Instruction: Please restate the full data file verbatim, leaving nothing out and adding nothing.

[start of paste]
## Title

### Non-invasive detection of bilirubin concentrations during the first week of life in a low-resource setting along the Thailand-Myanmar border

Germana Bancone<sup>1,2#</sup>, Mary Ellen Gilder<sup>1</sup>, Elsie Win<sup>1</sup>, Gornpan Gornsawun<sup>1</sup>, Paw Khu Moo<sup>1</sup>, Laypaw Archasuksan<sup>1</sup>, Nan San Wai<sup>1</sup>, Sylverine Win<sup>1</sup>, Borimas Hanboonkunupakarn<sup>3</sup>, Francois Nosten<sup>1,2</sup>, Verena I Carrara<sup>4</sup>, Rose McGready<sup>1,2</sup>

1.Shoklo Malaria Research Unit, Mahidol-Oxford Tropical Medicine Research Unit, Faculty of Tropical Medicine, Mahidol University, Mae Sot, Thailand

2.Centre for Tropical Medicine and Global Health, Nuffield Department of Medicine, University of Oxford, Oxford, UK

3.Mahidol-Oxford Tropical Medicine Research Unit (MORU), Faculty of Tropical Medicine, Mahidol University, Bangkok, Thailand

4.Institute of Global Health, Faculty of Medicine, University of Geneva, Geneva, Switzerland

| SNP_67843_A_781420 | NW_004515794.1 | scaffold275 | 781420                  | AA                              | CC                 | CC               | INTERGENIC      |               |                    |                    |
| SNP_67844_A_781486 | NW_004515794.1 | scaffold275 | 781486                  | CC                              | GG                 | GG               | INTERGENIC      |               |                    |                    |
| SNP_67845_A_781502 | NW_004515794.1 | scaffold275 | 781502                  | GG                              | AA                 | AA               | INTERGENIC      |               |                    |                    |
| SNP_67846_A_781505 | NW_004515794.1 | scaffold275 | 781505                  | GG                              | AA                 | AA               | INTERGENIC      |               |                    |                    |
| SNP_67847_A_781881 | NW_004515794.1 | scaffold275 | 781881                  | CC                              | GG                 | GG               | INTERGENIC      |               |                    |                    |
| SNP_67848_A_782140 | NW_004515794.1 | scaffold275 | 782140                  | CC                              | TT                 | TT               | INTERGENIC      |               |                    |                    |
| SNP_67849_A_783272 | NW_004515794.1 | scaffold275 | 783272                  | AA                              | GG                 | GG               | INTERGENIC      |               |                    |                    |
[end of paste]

## Title

### Non-invasive detection of bilirubin concentrations during the first week of life in a low-resource setting along the Thailand-Myanmar border

Germana Bancone<sup>1,2#</sup>, Mary Ellen Gilder<sup>1</sup>, Elsie Win<sup>1</sup>, Gornpan Gornsawun<sup>1</sup>, Paw Khu Moo<sup>1</sup>, Laypaw Archasuksan<sup>1</sup>, Nan San Wai<sup>1</sup>, Sylverine Win<sup>1</sup>, Borimas Hanboonkunupakarn<sup>3</sup>, Francois Nosten<sup>1,2</sup>, Verena I Carrara<sup>4</sup>, Rose McGready<sup>1,2</sup>

1.Shoklo Malaria Research Unit, Mahidol-Oxford Tropical Medicine Research Unit, Faculty of Tropical Medicine, Mahidol University, Mae Sot, Thailand

2.Centre for Tropical Medicine and Global Health, Nuffield Department of Medicine, University of Oxford, Oxford, UK

3.Mahidol-Oxford Tropical Medicine Research Unit (MORU), Faculty of Tropical Medicine, Mahidol University, Bangkok, Thailand

4.Institute of Global Health, Faculty of Medicine, University of Geneva, Geneva, Switzerland

| SNP_67843_A_781420 | NW_004515794.1 | scaffold275 | 781420                  | AA                              | CC                 | CC               | INTERGENIC      |               |                    |                    |
| SNP_67844_A_781486 | NW_004515794.1 | scaffold275 | 781486                  | CC                              | GG                 | GG               | INTERGENIC      |               |                    |                    |
| SNP_67845_A_781502 | NW_004515794.1 | scaffold275 | 781502                  | GG                              | AA                 | AA               | INTERGENIC      |               |                    |                    |
| SNP_67846_A_781505 | NW_004515794.1 | scaffold275 | 781505                  | GG                              | AA                 | AA               | INTERGENIC      |               |                    |                    |
| SNP_67847_A_781881 | NW_004515794.1 | scaffold275 | 781881                  | CC                              | GG                 | GG               | INTERGENIC      |               |                    |                    |
| SNP_67848_A_782140 | NW_004515794.1 | scaffold275 | 782140                  | CC                              | TT                 | TT               | INTERGENIC      |               |                    |                    |
| SNP_67849_A_783272 | NW_004515794.1 | scaffold275 | 783272                  | AA                              | GG                 | GG               | INTERGENIC      |               |                    |                    |